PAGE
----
Recipes, Customs and Cuisine of Oaxaca, Mexico

Customs and Cuisine of Mexico

Cuisine of Oaxaca, Land of the Seven Moles

Oaxaca is famous for its delicious and complex moles (mo-lays). These intricate sauces, made by toasting and grinding spices, seeds and chiles, are truly the hallmark of the region. Local tribes were preparing moles and raising corn, tomatoes, squash, beans, turkeys, cacao and chiles long before Cortez ever set foot in the “New” World. Mole is drizzled over meats, enchiladas and much more.

The corn dough known as masa also plays a huge role in Oaxacan cooking. It is used for tamales and a wide variety of tortillas, from thick to thin, plain to stuffed. Popular cheeses include the fresh, crumbly queso fresco; aged, firm queso anĖƒejo; and a local string variety that’s formed into a flattened ball. The herbs hoja santa (which has a distinctive, anise-like flavor) and epazote (pungent, almost medicinal) are common seasonings.

The Spanish Conquistadores brought chickens, cattle, pigs (and thus the all-important lard), and spices such as canela (true cinnamon), cumin and cloves. Native cooking techniques such as steaming and dry roasting on clay griddles were joined by Spanish baking and frying.

Oaxaca is also the center of chocolate production in Mexico. The history of chocolate in Oaxaca goes back centuries. An Oaxacan hot (or cold) chocolate drink is different from what is served in the US. In Oaxaca, cacao beans are ground together with sugar and/or cinnamon, almonds and vanilla, then the paste is pressed into solid bars. Melting the bars in hot milk produces a beverage with a rich, complex taste. The traditional way of blending the milk and melted chocolate is with a molinillo. This wooden mixing tool has a long handle with a perforated bulb and loose rings at the bottom. You hold it between your palms, rub your hands together, and the tool spins, mixing and frothing the chocolate.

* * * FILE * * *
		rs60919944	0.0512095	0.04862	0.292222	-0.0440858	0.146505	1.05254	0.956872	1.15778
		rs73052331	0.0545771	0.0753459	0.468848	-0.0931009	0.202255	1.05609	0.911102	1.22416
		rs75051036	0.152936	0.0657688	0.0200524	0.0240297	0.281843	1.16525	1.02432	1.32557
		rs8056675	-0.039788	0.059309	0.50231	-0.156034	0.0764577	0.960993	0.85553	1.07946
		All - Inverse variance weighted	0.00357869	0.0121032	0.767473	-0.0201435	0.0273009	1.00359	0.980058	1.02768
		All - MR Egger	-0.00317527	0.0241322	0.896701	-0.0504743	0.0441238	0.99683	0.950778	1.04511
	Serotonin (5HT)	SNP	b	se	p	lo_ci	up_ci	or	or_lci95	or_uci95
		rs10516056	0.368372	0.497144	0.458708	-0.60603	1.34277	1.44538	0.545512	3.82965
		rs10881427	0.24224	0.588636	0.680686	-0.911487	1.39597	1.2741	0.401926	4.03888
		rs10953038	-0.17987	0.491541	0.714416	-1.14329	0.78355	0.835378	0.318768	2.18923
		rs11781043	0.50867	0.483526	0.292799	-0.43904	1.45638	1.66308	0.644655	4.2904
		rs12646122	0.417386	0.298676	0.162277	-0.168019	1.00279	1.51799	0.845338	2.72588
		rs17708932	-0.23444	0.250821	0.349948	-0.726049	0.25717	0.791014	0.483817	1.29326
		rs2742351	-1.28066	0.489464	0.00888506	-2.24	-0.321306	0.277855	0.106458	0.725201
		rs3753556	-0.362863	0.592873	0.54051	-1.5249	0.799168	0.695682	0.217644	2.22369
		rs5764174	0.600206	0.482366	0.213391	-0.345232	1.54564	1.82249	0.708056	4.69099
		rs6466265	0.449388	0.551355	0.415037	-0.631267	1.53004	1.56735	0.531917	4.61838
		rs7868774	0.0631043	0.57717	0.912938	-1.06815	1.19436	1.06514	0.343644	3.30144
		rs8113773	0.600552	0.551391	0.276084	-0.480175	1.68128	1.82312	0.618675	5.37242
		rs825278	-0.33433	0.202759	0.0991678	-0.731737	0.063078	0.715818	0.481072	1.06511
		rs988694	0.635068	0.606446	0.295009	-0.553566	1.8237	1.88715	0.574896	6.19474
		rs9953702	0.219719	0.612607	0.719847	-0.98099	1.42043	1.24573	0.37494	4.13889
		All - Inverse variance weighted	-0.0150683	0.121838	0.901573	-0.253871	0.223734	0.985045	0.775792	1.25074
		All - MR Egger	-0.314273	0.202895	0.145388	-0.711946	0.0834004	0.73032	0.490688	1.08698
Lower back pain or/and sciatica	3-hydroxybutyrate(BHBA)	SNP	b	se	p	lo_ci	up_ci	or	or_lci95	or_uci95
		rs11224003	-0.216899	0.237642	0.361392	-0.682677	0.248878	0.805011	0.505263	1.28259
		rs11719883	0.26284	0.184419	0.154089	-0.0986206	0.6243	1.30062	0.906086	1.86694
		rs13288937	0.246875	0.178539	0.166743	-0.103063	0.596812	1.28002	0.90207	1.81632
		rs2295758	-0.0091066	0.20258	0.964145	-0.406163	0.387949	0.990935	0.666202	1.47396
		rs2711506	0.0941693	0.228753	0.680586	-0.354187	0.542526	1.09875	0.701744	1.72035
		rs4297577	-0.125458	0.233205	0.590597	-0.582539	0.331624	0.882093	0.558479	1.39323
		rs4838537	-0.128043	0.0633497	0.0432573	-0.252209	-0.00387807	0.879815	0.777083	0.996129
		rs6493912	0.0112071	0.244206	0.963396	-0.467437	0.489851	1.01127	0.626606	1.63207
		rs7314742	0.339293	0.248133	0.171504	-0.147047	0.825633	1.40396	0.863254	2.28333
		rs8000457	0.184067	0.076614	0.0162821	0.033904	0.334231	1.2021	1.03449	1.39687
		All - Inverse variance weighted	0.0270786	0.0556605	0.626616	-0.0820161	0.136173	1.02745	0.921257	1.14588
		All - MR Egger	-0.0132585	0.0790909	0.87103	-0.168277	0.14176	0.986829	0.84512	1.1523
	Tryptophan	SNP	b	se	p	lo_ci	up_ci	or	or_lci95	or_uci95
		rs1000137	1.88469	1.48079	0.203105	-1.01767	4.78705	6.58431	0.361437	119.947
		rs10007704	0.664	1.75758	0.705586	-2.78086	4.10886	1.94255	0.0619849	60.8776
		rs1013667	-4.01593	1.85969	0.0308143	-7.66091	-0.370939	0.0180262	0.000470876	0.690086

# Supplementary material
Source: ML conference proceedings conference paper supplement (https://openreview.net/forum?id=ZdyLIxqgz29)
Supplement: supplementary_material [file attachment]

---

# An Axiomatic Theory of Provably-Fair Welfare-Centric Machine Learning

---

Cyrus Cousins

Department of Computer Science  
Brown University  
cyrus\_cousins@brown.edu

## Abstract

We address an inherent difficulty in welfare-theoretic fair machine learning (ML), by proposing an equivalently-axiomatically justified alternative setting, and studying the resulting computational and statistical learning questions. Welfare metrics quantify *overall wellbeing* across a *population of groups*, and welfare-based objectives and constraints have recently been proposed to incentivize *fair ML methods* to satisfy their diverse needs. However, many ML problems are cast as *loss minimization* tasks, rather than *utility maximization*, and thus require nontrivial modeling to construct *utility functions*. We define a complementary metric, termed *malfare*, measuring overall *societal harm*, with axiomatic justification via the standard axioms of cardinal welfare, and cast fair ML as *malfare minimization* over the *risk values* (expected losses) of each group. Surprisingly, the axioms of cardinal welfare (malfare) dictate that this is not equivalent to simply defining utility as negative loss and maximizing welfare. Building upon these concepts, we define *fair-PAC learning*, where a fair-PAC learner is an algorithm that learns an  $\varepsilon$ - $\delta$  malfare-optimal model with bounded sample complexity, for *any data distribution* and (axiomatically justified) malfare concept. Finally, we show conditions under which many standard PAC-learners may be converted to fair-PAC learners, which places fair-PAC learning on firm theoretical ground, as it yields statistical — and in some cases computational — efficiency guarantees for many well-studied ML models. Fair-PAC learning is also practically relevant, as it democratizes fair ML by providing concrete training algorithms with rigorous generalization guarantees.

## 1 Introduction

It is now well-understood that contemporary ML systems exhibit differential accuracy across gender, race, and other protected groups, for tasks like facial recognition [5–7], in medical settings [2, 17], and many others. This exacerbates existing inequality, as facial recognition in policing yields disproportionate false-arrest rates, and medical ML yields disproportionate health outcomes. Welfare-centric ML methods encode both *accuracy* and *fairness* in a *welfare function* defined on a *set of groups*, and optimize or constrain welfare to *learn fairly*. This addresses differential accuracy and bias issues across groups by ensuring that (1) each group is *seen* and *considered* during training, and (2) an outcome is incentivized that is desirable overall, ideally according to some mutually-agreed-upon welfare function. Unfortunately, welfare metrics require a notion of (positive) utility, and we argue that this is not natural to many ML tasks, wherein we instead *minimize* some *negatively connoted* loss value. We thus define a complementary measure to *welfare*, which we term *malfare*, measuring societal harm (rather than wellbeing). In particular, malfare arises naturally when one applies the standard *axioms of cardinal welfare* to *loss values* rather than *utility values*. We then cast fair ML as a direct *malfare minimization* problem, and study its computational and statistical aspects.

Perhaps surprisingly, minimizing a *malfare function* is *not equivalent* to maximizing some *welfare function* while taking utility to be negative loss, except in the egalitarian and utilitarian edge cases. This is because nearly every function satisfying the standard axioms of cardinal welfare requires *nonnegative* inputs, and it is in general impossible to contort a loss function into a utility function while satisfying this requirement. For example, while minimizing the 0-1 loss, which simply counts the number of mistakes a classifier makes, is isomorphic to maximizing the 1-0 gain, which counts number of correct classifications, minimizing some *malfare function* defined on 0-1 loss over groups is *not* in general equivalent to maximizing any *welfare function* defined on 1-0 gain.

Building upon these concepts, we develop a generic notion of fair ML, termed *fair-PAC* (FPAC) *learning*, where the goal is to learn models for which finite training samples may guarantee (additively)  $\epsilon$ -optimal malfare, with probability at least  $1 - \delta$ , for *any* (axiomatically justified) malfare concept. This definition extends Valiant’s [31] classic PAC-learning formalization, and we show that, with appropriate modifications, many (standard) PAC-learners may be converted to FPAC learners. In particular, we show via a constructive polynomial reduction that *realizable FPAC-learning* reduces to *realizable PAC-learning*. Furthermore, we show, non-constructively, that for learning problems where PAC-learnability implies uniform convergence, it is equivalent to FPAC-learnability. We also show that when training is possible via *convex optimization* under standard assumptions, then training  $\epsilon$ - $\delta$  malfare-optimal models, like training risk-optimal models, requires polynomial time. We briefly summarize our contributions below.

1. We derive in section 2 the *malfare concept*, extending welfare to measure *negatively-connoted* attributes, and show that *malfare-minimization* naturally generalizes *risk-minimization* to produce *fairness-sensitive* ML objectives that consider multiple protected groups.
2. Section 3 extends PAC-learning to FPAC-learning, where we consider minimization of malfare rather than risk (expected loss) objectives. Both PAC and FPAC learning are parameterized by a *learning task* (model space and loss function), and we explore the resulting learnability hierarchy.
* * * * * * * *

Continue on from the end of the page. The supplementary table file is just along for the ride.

Dining Etiquette:

Customs – Dining

  • Do not begin eating until the host says, “Buen provecho!”
  • Mexicans do not switch knives and forks. The knife remains in the right hand, and the fork remains in the left. When the meal is finished, the knife and fork are laid parallel to each other across the right side of the plate.
  • When not holding utensils, your hands are expected to be visible above the table: this means you do not keep them in your lap; instead, rest your wrists on top of the table (never your elbows).
  • Any salad will usually be served after the main course.
  • The most honored position is at the head of the table, with the most important guest seated immediately to the right of the host (women to the right of the host, and men to the right of the hostess). If there is a hosting couple, one will be at each end of the table.



Photo by Abhijeet Rane – originally posted to Flickr titled Amaranth Fields. Used under Creative Commons Attribution 2.0 Generic.

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